Sydney Multicultural Community Services (SMCS) hosted the event Inspiring Future to celebrate the International Women’s Day 2019.
Six local ethnic-women were honoured for their accomplishments and for how they overcame challenges in Australia.
Inspiring Future Stories
Sitota Keane, Ethiopia
Our youngest guest was born in a tiny village in the countryside of Ethiopia, called Kemba. Through life’s circumstances, she came to Australia when she was 6, she was adopted by an English lady who brought her to Australia. She was home-schooled by her mother until she learnt English.
“I am extremely passionate about education. I believe that we are all so lucky to have what we have here in Australia. Something that is not available in other countries.”
At the age of 14, she was given the opportunity to participate in the Youth Frontiers Mentoring Program – a NSW Government-funded youth mentoring program that connects students aged 12-16 with adult volunteer mentors. Sitota created a campaign called “Girls are the Future”. The labour MP, Linda Burny and the CEO of DVNSW, Moo Baulch were guest speakers in the successful event.
Furthermore, in Year 11, she was successfully elected into the SRC to represent her community. She has been an active member of the team assisting a variety of charities and events such as Christmas Appeal, International Women’s Day assembly, Girl’s Day Out and White Ribbon Day Walk.
“I feel very lucky to have been in a position where I was able to work towards my goals and to make a change about things that I am passionate about.”
Sumaya Nishida, Bangladesh
Nishida arrived in Australia in 2013. Her journey started as a high school student and it wasn’t easy, she needed to grasp the language, adapt to the environment and accept the new challenges. Alongside her studies, she was working which allowed her to gain a lot of confidence and improve her communication skills.
Currently, she is working at Woolworths and has recently been promoted as a service supervisor. Moreover, she is studying a Bachelor of Science at Macquarie University with a major in Chemical and Biomolecular Science.
“I’m hoping to finish my studies in the next 5 years and get myself a job as a Medical Researcher”.
Laxmi Khanal, Nepal
When Laxmi came to Australia, back in 2007 from Nepal, she hardly knew anyone. Like any other migrants, food, culture and language were new. She could understand English but it was hard to communicate. She soon realized that Australia was a land of opportunity where education was the pathway to success. Despite the language barrier, Laxmi studied nursing while raising her two children.
Nowadays, she works as an aesthetic nurse at Prince of Wales Hospital. She’s also Director of Niji Sushi Bar leading a team of 52 staff and if this isn’t enough, Laxmi is also a board member of Kingsford International Institute.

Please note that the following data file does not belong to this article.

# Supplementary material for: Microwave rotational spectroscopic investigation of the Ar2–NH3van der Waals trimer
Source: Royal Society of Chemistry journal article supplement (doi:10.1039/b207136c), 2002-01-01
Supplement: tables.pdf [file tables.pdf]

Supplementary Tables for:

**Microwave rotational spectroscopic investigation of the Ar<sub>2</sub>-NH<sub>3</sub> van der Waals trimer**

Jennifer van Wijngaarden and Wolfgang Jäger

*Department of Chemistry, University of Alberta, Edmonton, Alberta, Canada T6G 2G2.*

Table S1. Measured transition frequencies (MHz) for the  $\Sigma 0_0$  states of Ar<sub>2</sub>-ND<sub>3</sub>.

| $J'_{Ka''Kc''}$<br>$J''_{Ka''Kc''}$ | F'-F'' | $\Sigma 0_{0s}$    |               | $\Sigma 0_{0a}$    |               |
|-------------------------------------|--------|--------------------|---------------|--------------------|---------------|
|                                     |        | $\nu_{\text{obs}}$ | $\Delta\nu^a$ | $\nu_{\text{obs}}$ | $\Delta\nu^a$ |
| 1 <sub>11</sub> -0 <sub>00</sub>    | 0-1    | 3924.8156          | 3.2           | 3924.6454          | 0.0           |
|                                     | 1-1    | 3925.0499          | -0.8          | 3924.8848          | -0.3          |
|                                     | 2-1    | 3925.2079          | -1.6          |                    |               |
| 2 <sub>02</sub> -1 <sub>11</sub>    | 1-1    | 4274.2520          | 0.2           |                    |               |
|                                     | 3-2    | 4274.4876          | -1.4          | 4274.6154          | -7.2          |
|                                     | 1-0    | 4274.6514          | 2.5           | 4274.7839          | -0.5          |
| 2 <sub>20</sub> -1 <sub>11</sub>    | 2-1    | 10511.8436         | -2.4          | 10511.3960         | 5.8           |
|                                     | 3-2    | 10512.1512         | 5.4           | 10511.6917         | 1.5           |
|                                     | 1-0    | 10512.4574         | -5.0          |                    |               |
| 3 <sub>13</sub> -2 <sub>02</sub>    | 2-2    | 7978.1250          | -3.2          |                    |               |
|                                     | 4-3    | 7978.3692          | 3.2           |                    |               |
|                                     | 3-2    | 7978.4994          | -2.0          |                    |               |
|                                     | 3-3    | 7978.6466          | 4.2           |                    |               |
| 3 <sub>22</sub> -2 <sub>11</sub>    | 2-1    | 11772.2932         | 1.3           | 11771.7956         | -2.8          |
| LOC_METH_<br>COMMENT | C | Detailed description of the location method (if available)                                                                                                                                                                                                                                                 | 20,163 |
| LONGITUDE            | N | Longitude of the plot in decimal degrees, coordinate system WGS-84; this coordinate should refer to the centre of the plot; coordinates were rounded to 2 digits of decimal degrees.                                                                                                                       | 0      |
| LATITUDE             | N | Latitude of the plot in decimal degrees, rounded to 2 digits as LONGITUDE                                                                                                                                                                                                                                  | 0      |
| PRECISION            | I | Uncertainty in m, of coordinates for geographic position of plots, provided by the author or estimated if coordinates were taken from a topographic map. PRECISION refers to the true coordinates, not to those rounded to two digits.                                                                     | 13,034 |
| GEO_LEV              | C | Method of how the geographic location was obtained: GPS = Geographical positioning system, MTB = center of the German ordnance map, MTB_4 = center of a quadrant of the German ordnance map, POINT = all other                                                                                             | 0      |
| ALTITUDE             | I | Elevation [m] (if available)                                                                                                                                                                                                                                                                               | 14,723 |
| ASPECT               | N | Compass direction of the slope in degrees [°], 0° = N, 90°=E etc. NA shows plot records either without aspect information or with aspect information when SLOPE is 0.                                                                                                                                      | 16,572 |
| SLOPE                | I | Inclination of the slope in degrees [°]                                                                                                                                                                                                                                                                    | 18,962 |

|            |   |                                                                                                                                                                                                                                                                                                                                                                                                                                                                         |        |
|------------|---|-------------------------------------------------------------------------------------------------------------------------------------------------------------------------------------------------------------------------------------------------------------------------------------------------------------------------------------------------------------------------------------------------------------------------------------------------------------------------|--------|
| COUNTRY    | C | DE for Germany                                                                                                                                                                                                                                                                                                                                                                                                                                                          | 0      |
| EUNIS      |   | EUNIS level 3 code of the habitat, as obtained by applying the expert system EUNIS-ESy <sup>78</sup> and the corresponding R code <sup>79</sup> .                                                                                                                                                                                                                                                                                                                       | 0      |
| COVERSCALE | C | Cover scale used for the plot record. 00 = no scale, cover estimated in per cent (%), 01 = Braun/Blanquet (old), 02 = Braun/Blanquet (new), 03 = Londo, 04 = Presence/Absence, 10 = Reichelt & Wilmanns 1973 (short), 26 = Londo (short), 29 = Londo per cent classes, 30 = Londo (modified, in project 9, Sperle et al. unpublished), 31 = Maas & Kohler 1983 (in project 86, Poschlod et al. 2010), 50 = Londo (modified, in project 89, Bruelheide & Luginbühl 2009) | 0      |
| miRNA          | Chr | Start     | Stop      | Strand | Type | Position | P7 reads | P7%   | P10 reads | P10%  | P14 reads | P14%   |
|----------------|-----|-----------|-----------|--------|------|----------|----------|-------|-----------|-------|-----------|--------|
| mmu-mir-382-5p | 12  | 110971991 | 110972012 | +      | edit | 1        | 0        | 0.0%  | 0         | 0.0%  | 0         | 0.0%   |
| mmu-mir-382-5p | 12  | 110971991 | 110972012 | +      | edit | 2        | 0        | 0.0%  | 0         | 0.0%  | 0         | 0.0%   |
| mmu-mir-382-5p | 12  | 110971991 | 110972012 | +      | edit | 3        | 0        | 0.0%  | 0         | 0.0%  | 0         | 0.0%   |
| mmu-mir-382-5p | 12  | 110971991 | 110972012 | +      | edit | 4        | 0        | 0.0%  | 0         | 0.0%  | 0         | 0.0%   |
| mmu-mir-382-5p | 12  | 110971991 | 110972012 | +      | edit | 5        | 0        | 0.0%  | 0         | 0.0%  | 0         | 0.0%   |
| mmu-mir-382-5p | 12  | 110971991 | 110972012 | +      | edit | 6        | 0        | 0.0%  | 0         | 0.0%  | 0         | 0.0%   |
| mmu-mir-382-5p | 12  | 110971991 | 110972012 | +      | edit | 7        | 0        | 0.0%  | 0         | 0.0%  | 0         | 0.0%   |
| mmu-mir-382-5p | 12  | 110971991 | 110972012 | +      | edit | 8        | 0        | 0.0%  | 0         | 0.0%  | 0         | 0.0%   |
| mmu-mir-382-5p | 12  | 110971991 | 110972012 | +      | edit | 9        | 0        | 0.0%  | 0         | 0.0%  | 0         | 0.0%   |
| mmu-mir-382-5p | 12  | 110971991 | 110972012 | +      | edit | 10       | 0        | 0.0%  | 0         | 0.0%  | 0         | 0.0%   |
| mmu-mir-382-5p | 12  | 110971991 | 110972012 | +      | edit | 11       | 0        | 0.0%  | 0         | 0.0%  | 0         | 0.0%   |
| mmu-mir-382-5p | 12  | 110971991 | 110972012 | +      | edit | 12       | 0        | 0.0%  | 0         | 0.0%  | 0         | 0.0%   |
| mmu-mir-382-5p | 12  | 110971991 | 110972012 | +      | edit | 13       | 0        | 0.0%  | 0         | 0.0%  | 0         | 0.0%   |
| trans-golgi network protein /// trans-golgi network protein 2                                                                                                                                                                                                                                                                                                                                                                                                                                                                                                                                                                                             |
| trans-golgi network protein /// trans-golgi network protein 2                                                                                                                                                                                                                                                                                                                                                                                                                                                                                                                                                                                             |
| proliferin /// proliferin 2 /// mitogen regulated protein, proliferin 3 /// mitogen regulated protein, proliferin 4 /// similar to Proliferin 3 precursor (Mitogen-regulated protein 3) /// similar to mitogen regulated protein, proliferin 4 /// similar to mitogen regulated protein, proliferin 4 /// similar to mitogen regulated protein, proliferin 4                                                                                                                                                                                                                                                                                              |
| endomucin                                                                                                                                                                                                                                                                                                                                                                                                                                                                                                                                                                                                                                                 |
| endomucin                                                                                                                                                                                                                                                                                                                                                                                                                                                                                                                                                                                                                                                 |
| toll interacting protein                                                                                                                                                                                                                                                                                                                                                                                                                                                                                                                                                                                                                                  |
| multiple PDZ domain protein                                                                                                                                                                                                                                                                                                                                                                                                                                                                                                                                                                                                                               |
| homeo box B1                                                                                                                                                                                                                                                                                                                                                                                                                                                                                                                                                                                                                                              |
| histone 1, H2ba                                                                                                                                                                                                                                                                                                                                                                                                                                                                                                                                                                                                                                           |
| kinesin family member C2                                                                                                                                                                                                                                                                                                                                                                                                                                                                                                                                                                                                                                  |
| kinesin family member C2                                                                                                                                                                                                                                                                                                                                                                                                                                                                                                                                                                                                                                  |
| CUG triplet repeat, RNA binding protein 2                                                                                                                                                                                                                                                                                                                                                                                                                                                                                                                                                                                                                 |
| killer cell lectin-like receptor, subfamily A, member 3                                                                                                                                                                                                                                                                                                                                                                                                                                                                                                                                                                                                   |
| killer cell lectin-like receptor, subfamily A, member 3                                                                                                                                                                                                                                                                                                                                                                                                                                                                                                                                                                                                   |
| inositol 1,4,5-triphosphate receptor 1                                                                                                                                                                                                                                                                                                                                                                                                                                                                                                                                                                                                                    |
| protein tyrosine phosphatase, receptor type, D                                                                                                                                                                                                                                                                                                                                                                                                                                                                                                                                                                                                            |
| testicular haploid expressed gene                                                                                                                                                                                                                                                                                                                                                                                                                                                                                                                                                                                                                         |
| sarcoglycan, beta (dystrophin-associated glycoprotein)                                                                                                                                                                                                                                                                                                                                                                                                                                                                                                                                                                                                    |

Huda Ali, Iran
Huda’s parents, Layla and Jaffer, were both born in Iraq with Kurdish heritage. Saddams reign in the 80s and the war that was taking place forced them to flee to Iran for safety. They made Iran home for some time where Huda was born. Due to the lack of acceptance of the Kurds in Iran and possible dangers of going back to Iraq her parents decided to migrate to Australia.
Huda was 5 years old when she arrived in Australia. Her parents taught her the values of family, culture and religion and constantly they drill the concepts of education, hard work and success.
Huda shared a beautiful story ‘A gentlemen asked me the other day how it felt coming from displacement and not necessarily being able to call a place home. I responded immediately with ‘fine’ because I’ve never really thought about it any deeper. That night, I let it play in my mind and came to a beautiful realisation: your first home was a woman’s body.
For Huda, coming from different places, the idea of home has never been a physical space but rather all her experiences. “Home to me represents all the things that I am and what I have become. And as a woman, I am home.”
Rana Matti, Iraq
Rana and her entire family came to Australia as refugees a couple of years ago. Despite facing numerous challenges adapting to a new country and its education system, Rana overcame a number of barriers with a smile on her face.
Considering her short time in Australia, she is creating awareness of refugee young people’s settlement related issues and challenges to mainstream young people in the eastern suburbs area.
She has shared her unique experience as a refugee kid in Australia at two different youth forums, attended by a number of young people from mainstream and multicultural background.
Her family arrived in 1971 to Australia for a secure and safe life. Life was good in Australia but she got paralysed for 5 years, after her recovery, her husband passed away. Suddenly, she was a mom and a father. When she looks back she has no regrets, she is a proud mom of three.
She is a very active community member, she assists the church and takes people to hospital. She is always there to help everyone. She is loved by everyone in the family and the community.